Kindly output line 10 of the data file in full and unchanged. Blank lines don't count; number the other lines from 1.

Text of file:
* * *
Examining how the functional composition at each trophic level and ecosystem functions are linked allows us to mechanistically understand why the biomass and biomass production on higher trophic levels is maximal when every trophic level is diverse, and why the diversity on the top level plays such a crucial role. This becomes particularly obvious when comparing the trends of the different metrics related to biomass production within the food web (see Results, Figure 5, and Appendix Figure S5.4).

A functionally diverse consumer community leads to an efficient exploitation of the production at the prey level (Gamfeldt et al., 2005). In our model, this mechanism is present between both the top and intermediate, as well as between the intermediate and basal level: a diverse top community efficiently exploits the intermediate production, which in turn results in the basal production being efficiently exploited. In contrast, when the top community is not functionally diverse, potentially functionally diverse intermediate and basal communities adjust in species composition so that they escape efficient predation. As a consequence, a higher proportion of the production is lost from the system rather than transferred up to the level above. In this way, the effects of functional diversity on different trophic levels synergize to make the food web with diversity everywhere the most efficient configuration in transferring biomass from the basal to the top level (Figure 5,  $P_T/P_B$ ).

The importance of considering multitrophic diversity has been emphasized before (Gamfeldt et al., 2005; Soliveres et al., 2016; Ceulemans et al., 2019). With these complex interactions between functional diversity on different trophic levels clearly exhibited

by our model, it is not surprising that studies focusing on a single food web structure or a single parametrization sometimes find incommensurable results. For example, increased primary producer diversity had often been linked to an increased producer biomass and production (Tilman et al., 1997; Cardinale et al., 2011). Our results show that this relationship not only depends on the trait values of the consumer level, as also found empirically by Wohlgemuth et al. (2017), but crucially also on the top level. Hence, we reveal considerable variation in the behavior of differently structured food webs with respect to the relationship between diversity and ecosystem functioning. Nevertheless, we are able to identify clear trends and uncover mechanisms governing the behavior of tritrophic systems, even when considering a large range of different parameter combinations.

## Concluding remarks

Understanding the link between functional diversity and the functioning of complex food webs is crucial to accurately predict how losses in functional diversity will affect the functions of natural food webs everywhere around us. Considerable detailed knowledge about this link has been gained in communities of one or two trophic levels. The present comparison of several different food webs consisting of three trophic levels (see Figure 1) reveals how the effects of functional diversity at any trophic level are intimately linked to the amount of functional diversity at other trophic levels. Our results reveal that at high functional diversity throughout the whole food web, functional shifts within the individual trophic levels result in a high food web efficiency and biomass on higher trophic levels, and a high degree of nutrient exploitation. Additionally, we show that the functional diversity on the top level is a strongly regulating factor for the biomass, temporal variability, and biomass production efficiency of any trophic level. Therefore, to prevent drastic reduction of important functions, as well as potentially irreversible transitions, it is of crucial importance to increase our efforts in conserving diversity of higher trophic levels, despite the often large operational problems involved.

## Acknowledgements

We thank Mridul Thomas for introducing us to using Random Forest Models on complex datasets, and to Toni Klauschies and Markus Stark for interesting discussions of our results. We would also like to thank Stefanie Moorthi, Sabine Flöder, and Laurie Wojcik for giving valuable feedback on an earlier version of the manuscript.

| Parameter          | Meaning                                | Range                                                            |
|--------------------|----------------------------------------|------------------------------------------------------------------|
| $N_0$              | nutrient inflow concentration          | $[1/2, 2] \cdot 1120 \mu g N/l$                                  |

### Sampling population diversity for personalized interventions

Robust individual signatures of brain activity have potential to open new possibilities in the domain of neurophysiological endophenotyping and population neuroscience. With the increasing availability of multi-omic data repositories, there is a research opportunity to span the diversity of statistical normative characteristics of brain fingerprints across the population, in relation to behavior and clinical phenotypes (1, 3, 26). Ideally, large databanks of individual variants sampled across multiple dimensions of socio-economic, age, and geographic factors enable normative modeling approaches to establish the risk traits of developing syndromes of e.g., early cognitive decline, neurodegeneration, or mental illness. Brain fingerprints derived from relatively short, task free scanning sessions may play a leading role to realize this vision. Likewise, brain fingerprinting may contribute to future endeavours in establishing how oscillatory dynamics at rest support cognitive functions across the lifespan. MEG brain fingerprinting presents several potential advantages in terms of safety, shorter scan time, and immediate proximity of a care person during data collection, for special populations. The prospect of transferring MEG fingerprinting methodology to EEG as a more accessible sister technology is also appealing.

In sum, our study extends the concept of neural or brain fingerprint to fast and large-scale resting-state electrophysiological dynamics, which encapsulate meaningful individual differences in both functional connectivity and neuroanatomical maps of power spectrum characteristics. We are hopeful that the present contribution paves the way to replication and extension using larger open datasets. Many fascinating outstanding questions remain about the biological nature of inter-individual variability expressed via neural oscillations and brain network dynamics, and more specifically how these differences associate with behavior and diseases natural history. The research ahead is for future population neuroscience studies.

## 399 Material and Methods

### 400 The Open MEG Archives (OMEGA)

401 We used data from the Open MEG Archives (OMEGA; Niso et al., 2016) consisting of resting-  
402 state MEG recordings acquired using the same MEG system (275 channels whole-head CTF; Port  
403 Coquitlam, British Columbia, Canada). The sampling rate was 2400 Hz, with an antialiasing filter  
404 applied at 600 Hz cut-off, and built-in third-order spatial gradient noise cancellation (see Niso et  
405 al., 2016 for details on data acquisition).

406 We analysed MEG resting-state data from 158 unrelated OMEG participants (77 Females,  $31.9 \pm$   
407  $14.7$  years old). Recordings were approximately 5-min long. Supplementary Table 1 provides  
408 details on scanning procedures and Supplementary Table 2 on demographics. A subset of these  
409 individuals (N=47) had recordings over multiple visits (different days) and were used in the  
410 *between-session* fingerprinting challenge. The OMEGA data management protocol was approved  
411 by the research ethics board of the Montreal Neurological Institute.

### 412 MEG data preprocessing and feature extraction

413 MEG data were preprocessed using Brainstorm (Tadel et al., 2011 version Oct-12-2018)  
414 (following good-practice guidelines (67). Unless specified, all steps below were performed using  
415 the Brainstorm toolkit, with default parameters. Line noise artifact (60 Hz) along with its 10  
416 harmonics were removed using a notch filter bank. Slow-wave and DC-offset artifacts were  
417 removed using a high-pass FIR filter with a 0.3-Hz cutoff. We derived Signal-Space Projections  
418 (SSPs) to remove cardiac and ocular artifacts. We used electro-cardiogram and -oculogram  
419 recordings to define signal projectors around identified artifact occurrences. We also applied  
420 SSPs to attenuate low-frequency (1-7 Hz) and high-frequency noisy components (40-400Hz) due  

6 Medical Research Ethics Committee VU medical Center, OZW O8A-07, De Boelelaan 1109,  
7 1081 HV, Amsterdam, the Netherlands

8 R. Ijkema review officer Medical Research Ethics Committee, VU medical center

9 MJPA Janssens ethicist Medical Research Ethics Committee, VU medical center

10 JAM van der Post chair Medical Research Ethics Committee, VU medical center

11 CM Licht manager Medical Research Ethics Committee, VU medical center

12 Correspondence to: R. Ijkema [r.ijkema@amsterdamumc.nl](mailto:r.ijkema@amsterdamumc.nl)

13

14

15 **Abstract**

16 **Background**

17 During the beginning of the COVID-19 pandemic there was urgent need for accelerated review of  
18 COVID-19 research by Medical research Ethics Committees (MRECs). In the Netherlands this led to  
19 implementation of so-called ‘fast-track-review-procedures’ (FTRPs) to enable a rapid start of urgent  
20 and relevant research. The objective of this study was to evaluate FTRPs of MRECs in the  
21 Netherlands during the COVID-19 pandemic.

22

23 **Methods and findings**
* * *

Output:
|--------------------|----------------------------------------|------------------------------------------------------------------|